The world is going online — and that includes the grocery store

Only a small percentage of people currently buy groceries online, 
but the sector is poised for explosive growth

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Where do you buy your groceries?

The answer to that question is getting more attention these days because more consumers now say they buy online. The growth of e-commerce has stretched beyond books, movies, parts and retro finds and is now filling the food basket. As folks shift to online buys it means an increase in shelf life, delivery systems, and intensive locational tracking.

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The big guns in grocery, such as Costco and Walmart, are spreading their reach through e-commerce and developing intensive systems. Small food stores offer local delivery of online sales and Amazon sells food every day.

The reality is that the world’s food is at your fingertips, you only have to take delivery. Startup rural delivery has had a tough time. The logistics and distances make it unprofitable for both the local food basket and overnight supermarket delivery. To counter this, central-point delivery, through much trial and error, is starting to take hold and is popular both in and outside major urban centres.

How big is the online industry in grocery? Well, today it is only one per cent but that’s $6 billion — sales are expected to jump to $60 billion in the next few years. Although food has been the last box in the order when it comes to e-commerce, grocery still represents 32 per cent of all e-commerce sales. The e-commerce companies say it is the ticket to the future.

The response to buying food online varies from country to country. In Europe it ranges from 0.8 per cent to 4.4 per cent of sales (in the U.K.). In Canada, sales are less than one per cent but it is Amazon that dominates and this will force other grocery companies to hurry and catch up.

So let’s go shopping.

If you go to amazon.ca, you will see a wide variety of foods available from beverage to baby food. Let’s say that on Monday, I learned my in-laws are coming for the following weekend. I am out of town working and my partner cannot yet navigate the grocery store except for the pop and chips department (there is some truth to this), so I decide to go online.

I order blueberry juice to mix with ginger-ale and serve with pistachios. This will be followed by a lovely squash soup, Thai salmon salad, cheese plate, and bow pasta and herb sauce. For dessert there are champagne chocolates sent direct from Japan and a soothing white and raspberry tea. This will be in my post office parcel mailbox or at the closest courier drop when my flight gets in. And so I pull off the evening with a mix of flavours and have not set foot in the grocery store. As an added bonus — it was fun!

Farmers’ markets have gone online as well. In Montreal, there are many central points for picking up food, especially fresh food. A company called Lufa Farms was the first to develop rooftop farms and deliver baskets of fresh veggies to central points. But the growth of e-commerce has changed the face of that order and it now partners with several businesses, chefs, and farmers to deliver everything from beverage to a full meal. For this online farmers’ market, partnerships were integral to the expansion of the e-commerce business.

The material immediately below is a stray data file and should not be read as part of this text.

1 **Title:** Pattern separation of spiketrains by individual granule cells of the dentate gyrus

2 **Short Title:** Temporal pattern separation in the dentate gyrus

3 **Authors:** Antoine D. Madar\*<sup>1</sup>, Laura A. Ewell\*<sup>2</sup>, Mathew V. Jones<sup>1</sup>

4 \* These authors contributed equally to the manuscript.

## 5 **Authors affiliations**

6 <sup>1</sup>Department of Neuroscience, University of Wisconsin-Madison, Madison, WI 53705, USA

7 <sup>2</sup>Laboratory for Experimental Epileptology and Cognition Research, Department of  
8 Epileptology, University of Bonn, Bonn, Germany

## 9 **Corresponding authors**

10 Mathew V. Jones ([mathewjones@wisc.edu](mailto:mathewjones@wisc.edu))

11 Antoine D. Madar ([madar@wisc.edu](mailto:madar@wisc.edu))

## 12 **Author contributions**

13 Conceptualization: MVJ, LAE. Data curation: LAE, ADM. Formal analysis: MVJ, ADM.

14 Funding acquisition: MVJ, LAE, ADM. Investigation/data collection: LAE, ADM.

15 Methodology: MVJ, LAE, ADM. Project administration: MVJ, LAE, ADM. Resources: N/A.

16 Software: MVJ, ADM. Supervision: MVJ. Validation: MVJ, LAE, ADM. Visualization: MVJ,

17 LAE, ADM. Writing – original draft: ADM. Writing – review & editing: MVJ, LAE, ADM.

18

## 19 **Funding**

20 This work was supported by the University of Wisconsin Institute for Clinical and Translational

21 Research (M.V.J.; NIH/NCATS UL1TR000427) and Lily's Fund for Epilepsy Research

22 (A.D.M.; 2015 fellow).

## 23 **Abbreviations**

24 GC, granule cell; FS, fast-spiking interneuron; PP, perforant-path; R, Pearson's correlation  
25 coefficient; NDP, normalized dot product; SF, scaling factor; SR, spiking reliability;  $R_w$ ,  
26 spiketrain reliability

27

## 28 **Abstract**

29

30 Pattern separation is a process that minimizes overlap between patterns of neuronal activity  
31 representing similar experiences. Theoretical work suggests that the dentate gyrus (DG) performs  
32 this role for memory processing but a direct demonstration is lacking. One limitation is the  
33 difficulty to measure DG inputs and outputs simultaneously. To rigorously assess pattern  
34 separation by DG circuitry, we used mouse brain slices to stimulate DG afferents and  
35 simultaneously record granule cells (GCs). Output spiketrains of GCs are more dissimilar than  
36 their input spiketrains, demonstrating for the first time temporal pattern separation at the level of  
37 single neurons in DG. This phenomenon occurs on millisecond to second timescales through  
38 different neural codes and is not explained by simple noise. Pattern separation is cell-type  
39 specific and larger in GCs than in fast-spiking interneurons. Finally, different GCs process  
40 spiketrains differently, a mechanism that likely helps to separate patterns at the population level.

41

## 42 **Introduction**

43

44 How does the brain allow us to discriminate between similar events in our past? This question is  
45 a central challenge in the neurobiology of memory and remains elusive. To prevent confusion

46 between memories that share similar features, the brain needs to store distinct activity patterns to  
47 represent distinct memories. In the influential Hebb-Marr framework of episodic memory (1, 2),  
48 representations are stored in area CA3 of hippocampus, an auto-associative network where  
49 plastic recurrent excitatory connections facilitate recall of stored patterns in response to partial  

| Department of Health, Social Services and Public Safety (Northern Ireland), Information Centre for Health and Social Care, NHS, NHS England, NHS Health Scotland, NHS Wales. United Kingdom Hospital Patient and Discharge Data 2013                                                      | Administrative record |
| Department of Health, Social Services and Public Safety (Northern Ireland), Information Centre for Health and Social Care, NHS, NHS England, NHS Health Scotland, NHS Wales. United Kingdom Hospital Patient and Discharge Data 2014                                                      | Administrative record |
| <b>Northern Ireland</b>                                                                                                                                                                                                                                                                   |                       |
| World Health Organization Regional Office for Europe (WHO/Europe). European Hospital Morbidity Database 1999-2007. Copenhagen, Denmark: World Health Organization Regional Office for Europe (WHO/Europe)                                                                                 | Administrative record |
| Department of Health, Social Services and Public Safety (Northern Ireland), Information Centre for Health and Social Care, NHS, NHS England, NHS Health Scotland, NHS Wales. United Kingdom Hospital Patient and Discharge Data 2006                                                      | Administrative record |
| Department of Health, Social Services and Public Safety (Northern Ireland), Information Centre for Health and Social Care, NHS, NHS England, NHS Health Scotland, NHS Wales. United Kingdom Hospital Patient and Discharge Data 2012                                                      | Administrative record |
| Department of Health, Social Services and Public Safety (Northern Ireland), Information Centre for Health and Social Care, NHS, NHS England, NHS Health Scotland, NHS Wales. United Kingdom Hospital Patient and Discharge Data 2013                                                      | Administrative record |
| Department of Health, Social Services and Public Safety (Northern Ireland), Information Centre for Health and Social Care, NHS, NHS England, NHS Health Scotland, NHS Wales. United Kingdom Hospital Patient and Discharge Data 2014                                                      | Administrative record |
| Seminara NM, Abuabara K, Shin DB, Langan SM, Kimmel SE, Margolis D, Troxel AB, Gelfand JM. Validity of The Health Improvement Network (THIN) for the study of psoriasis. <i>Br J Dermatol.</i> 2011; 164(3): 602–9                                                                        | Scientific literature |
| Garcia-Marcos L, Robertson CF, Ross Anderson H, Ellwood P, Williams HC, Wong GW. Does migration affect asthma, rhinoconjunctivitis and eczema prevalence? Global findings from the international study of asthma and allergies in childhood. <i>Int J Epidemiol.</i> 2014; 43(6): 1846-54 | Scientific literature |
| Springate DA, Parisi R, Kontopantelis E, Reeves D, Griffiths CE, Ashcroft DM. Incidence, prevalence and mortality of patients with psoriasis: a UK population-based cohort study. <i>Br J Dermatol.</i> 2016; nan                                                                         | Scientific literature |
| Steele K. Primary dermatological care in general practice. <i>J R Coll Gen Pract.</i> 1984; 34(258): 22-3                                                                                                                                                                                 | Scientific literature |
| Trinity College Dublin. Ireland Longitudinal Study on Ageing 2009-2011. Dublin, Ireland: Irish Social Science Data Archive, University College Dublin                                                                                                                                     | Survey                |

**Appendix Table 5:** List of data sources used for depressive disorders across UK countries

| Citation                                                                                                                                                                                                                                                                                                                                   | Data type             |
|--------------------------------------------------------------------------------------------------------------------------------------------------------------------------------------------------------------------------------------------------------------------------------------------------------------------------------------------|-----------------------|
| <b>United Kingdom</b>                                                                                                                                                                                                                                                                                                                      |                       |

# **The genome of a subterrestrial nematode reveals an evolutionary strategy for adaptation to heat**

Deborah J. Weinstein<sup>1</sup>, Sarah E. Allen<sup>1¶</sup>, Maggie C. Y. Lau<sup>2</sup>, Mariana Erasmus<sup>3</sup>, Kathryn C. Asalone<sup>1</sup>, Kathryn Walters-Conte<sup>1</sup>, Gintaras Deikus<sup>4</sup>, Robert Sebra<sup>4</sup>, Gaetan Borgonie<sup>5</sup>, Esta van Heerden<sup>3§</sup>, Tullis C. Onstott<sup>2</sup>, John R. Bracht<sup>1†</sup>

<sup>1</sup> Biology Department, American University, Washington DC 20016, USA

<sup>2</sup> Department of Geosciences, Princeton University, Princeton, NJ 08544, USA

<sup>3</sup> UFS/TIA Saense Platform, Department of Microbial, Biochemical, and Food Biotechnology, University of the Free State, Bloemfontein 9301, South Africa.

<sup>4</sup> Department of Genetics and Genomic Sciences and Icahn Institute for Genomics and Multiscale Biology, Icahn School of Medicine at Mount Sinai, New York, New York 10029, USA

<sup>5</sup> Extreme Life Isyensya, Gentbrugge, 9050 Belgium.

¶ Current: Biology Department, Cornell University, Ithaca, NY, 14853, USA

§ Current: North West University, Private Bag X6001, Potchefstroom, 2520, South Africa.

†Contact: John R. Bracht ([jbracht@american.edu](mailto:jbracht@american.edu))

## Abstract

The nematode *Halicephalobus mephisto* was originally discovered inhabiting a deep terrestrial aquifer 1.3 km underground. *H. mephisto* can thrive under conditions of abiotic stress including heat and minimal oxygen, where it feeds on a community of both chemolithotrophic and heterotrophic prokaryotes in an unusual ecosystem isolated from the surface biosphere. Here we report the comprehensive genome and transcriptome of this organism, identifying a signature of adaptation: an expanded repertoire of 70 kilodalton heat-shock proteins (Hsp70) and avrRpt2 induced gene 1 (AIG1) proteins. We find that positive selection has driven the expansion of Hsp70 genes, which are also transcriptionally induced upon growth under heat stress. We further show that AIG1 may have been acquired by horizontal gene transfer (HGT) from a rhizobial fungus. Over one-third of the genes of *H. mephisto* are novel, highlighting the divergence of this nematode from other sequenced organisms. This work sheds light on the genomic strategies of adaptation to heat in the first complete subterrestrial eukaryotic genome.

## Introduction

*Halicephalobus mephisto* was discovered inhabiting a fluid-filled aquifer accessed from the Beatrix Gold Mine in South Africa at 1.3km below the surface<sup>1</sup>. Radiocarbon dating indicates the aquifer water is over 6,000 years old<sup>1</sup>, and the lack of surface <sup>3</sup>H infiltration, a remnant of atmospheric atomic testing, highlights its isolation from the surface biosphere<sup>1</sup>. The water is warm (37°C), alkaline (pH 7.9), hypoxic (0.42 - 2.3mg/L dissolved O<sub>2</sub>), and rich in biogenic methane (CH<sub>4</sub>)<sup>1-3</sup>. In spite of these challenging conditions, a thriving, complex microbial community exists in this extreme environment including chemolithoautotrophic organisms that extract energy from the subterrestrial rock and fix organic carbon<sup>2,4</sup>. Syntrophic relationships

Online buying also happens locally. Let’s travel to a local Alberta store offering direct-to-the-door delivery on online orders: Go to homegrownfoods.ca and check out the boxes of organic food delivered directly to your door. This type of service specializes in fresh local food delivered within a short distance of the store, so it has a community focus. Mixing and matching or adding extra product for those days when folks drop by is not an issue.

I think of seniors, especially in winter, as wanting this type of service. Fresh, local food to the door without fail helps to ensure proper nutrition without the worry of cold or the fact that the bag is too heavy to carry. Families benefit from the basket and parents get a break. The delivery cost is free on orders of $60 or more.

It does take an element of trust to order online but once you know the store or the company, it becomes pretty handy. And truthfully, there is predictability behind food that we have never seen before. The demand of the food industry and from chefs in itself for uniformity is the consumer’s best friend and many brands are known and trusted.

The future may present a challenge as online orders increase. The term ‘convenient’ will rule the online order and commodity food will be under increasing pressure to value add. In addition to shelf life, real-time tracking and improved infrastructure for delivery is needed.

The data that sellers will have will be extraordinary in understanding consumer trends — by address alone. Currently, 18- to 35-year-olds are the main buyers of online groceries, but that will change.

The growth of online buying will continue and there are some days — even in this rural, self-sufficient household — that this will be an appreciated option.

About the author

AF Columnist

Brenda Schoepp

Brenda Schoepp works as an international mentor and motivational speaker. She can be contacted through her website at www.brendaschoepp.com. All rights reserved.

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